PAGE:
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fast scan

 
 
George Mpouras
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      08-03-2013
# scan a network in 2 seconds using fork. Very simplistic but with
potential !




#!/usr/bin/perl
use strict;
use warnings;
use feature qw/say/;
use Net:ing;
use Net::IP;

my $threads = 255;
my $duration = 2;
my @ip_team = ();
$|= 1;


my $ip = new Net::IP ('192.168.0.1 - 192.168.0.254') or die "Could not
initiate object because ". Net::IP::Error() ."\n";


while ($ip) {
push @ip_team, $ip++ ->ip();
if ( $threads == @ip_team ) { Scan(@ip_team); @ip_team = () }
}

Scan(@ip_team);



sub Scan
{
my @Pids;

foreach my $ip (@_)
{
my $pid = fork();
die "Could not fork because $!\n" unless defined $pid;

if (0 == $pid)
{
my $ping = Net:ing->new('icmp');
say "host $ip is up" if $ping->ping($ip, $duration);
$ping->close();
exit
}
else
{
push @Pids, $pid
}
}

foreach my $pid (@Pids) { waitpid($pid, 0) }
}
 
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Rainer Weikusat
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      08-03-2013
George Mpouras <(E-Mail Removed)> writes:
> # scan a network in 2 seconds using fork. Very simplistic but with
> potential !


[...]

> sub Scan
> {
> my @Pids;
>
> foreach my $ip (@_)
> {
> my $pid = fork();
> die "Could not fork because $!\n" unless defined $pid;
>
> if (0 == $pid)
> {
> my $ping = Net:ing->new('icmp');
> say "host $ip is up" if $ping->ping($ip, $duration);
> $ping->close();
> exit
> }
> else
> {
> push @Pids, $pid
> }
> }
>
> foreach my $pid (@Pids) { waitpid($pid, 0) }
> }


If you run code like this on somebody else's network (or network and
computer), you will potentially learn more details about lart than you
ever wanted to. In order to achieve maximum disaster, run it on a
gateway for a busy network which suffers from 'traditional' BSD
network buffer management, preferably in a loop. If you manage to
reach mbuf exhaustion, you've produced a stable 'congestion collapse'
(slight misuse of the term) situation: The gateway will drop incoming
ethernet frames until it got rid of enough pings to reconsider this
descision. At this point, a reply tsunami will hit it (ping replies,
TCP retransmissions, ARP replies and ARP queries) and it will
immediately run out of mbufs again. Repeat until heat death of the
universe ...

NB: This is not a story I just invented or some kind of theoretical
conjecture. I've had the mispleasure to encounter this exact problem
on such a gateway some years ago.



 
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Rainer Weikusat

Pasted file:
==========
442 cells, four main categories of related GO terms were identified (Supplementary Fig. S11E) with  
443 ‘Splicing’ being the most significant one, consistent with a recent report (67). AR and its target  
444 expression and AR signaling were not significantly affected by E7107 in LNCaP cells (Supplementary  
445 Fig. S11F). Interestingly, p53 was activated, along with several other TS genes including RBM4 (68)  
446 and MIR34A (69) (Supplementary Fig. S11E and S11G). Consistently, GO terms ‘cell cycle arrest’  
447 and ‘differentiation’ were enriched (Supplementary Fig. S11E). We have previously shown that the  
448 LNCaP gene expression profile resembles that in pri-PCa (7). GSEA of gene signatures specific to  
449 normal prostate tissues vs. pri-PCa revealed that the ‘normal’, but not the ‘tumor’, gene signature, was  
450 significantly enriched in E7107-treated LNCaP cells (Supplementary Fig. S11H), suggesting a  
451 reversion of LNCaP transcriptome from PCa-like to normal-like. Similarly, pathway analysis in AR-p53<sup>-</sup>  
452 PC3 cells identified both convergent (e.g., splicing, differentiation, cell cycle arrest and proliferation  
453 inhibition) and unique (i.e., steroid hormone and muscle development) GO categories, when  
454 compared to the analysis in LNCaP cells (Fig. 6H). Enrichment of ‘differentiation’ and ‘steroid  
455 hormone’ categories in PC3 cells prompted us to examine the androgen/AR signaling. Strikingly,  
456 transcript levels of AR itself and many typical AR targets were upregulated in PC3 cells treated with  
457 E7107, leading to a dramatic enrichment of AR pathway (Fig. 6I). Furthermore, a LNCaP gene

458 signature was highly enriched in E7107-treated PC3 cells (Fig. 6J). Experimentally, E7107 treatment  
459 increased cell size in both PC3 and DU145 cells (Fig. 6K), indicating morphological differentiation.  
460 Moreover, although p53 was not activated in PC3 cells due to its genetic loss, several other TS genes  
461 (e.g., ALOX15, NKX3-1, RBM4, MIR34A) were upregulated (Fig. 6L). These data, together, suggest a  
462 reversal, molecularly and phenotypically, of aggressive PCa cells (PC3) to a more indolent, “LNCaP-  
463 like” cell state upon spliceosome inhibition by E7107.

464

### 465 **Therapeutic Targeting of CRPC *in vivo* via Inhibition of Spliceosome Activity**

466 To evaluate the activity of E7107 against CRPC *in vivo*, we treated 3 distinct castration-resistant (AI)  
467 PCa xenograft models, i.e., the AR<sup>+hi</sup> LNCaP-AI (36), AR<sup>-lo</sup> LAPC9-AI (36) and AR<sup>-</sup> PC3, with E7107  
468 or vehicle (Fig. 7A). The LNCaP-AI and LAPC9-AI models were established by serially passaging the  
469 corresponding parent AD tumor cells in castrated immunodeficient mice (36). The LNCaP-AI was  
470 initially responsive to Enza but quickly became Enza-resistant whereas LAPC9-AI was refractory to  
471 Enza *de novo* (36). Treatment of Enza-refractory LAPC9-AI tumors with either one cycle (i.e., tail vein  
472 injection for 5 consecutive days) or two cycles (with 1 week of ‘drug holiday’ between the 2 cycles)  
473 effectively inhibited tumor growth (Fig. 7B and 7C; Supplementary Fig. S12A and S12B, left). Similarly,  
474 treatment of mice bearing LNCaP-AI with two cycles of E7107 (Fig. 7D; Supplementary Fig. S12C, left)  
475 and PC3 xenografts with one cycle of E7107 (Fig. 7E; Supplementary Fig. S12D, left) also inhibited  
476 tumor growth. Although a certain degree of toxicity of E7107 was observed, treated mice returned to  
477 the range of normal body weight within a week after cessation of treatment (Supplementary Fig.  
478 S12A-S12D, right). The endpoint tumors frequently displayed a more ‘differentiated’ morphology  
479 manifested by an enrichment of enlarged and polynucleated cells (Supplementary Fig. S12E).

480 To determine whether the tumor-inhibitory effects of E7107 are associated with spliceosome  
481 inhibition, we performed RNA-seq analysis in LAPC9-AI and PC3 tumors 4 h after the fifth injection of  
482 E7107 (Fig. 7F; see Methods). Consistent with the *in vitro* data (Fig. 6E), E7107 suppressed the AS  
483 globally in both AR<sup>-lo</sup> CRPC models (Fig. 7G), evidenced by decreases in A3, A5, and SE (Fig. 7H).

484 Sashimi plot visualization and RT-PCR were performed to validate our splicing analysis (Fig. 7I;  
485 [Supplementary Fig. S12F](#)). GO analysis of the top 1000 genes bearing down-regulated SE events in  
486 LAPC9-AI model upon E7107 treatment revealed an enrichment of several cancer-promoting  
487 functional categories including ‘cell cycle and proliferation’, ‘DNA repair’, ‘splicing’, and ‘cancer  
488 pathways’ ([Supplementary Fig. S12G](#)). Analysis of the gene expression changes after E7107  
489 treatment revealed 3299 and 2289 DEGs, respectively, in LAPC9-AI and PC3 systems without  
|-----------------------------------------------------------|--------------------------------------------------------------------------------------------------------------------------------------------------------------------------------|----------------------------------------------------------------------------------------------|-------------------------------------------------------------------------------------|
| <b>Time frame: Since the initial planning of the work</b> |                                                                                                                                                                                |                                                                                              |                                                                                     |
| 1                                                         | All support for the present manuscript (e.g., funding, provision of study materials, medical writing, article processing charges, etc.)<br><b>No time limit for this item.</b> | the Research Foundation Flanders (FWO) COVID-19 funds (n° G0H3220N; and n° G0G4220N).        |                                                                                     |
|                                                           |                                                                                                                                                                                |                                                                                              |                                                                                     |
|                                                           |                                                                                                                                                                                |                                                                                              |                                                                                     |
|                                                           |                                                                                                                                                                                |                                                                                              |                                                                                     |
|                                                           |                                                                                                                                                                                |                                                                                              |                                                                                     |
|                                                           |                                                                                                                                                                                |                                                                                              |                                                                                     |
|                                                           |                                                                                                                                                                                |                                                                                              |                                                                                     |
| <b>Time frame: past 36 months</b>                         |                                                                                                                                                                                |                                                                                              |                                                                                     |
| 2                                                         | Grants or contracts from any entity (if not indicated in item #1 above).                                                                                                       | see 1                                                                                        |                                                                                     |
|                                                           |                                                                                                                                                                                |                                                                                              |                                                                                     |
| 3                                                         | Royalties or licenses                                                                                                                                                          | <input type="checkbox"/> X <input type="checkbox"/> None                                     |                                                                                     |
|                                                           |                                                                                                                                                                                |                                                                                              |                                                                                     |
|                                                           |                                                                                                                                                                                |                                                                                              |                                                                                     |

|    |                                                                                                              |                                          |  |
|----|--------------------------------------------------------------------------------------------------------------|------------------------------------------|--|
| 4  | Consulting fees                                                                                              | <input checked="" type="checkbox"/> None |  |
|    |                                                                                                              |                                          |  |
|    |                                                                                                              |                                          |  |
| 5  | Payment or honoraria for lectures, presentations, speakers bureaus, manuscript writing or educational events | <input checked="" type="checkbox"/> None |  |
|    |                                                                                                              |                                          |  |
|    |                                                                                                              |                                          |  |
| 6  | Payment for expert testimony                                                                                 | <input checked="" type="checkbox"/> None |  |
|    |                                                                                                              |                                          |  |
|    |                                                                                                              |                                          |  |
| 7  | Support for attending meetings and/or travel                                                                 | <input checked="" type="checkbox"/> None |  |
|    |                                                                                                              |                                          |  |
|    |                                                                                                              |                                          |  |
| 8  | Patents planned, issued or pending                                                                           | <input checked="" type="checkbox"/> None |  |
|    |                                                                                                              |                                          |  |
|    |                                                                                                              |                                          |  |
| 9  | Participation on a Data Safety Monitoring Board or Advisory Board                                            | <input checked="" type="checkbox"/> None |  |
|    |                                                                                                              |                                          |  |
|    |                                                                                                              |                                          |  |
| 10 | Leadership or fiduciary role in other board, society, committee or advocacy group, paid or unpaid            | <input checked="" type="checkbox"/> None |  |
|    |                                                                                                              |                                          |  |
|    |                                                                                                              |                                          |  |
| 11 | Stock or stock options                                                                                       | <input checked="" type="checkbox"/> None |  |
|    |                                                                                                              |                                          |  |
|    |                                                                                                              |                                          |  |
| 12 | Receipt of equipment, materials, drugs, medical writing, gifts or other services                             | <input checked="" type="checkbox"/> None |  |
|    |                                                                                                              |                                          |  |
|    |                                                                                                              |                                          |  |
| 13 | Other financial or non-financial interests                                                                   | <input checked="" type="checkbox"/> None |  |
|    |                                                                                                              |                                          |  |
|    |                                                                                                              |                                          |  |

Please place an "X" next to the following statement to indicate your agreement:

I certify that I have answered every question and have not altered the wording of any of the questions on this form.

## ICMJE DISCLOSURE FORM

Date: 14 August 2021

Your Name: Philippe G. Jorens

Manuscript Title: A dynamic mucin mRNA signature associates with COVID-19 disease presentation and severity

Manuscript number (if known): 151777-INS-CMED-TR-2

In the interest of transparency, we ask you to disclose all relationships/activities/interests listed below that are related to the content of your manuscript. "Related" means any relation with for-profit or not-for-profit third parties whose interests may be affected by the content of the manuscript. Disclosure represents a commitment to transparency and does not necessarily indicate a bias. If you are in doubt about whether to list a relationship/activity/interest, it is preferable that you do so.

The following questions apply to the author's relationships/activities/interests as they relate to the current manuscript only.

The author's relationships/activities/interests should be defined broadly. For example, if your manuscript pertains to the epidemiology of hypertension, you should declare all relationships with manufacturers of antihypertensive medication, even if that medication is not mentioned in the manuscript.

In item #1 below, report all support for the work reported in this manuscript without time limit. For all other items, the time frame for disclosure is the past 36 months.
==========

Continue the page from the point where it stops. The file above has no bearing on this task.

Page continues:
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Posts: n/a
 
      08-03-2013
Rainer Weikusat <(E-Mail Removed)> writes:
> George Mpouras <(E-Mail Removed)> writes:
>> # scan a network in 2 seconds using fork. Very simplistic but with
>> potential !

>
> [...]
>
>> sub Scan
>> {
>> my @Pids;
>>
>> foreach my $ip (@_)
>> {
>> my $pid = fork();
>> die "Could not fork because $!\n" unless defined $pid;
>>
>> if (0 == $pid)
>> {
>> my $ping = Net:ing->new('icmp');
>> say "host $ip is up" if $ping->ping($ip, $duration);
>> $ping->close();
>> exit
>> }
>> else
>> {
>> push @Pids, $pid
>> }
>> }
>>
>> foreach my $pid (@Pids) { waitpid($pid, 0) }
>> }

>
> If you run code like this on somebody else's network (or network and
> computer), you will potentially learn more details about lart than you
> ever wanted to.


For completeness: It is not entirely inconceivable that the fork bomb
manages to slow transmissions down so much that the 'DDoS suicide'
doesn't happen.
 
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Charles DeRykus
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Posts: n/a
 
      08-04-2013
On 8/2/2013 5:39 PM, George Mpouras wrote:
> # scan a network in 2 seconds using fork. Very simplistic but with
> potential !
>
>
>
>
> #!/usr/bin/perl
> use strict;
> use warnings;
> use feature qw/say/;
> use Net:ing;
> use Net::IP;
>
> my $threads = 255;
> my $duration = 2;
> my @ip_team = ();
> $|= 1;
>
>
> my $ip = new Net::IP ('192.168.0.1 - 192.168.0.254') or die "Could not
> initiate object because ". Net::IP::Error() ."\n";
>
>
> while ($ip) {
> push @ip_team, $ip++ ->ip();
> if ( $threads == @ip_team ) { Scan(@ip_team); @ip_team = () }
> }
>
> Scan(@ip_team);
>
>
>
> sub Scan
> {
> my @Pids;
>
> foreach my $ip (@_)
> {
> my $pid = fork();
> die "Could not fork because $!\n" unless defined $pid;
>
> if (0 == $pid)
> {
> my $ping = Net:ing->new('icmp');
> say "host $ip is up" if $ping->ping($ip, $duration);
> $ping->close();
> exit
> }
> else
> {
> push @Pids, $pid
> }
> }
>
> foreach my $pid (@Pids) { waitpid($pid, 0) }
> }



A less resource intensive alternative with POE:

http://poe.perl.org/?POE_Cookbook/Pi...Multiple_Hosts

--
Charles DeRykus
 
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George Mpouras
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Posts: n/a
 
      08-04-2013
>
>
> A less resource intensive alternative with POE:
>
> http://poe.perl.org/?POE_Cookbook/Pi...Multiple_Hosts
>


I really do not know if it is really less resource intensive, and I am
not interesting to find out, but with the simple code you can always
have as many $threads you want.

What I was thinking is why I really need super bloated frameworks like
POE or similar if I can do much simpler the same using only basic
functions.
 
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Rainer Weikusat
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Posts: n/a
 
      08-04-2013
George Mpouras <(E-Mail Removed)> writes:
>> A less resource intensive alternative with POE:
>>
>> http://poe.perl.org/?POE_Cookbook/Pi...Multiple_Hosts
>>

>
> I really do not know if it is really less resource intensive, and I am
> not interesting to find out, but with the simple code you can always
> have as many $threads you want.


Except that this is total nonsense here because all these different
processes end up stuffing IP datagrams into the TX queue for the same
network device which then sends them one after another. This means
you're basically just adding a lot of overhead because the scheduler
needs to deal with all the processes and other parts of the kernel
have to serialize them forcibly. Also, sending out ICMP echo requests
as fast as the kernel can manage to deal with the processes to
hundreds or thousands of hosts is really bad: That will end up as
hundreds or thousands of hosts hammering your single computer with
replies as fast as they can (if you ask 10,000 people to throw tennis
balls to you at the same time, you'll end up being stoned to death by
tennis balls).

> What I was thinking is why I really need super bloated frameworks like
> POE or similar if I can do much simpler the same using only basic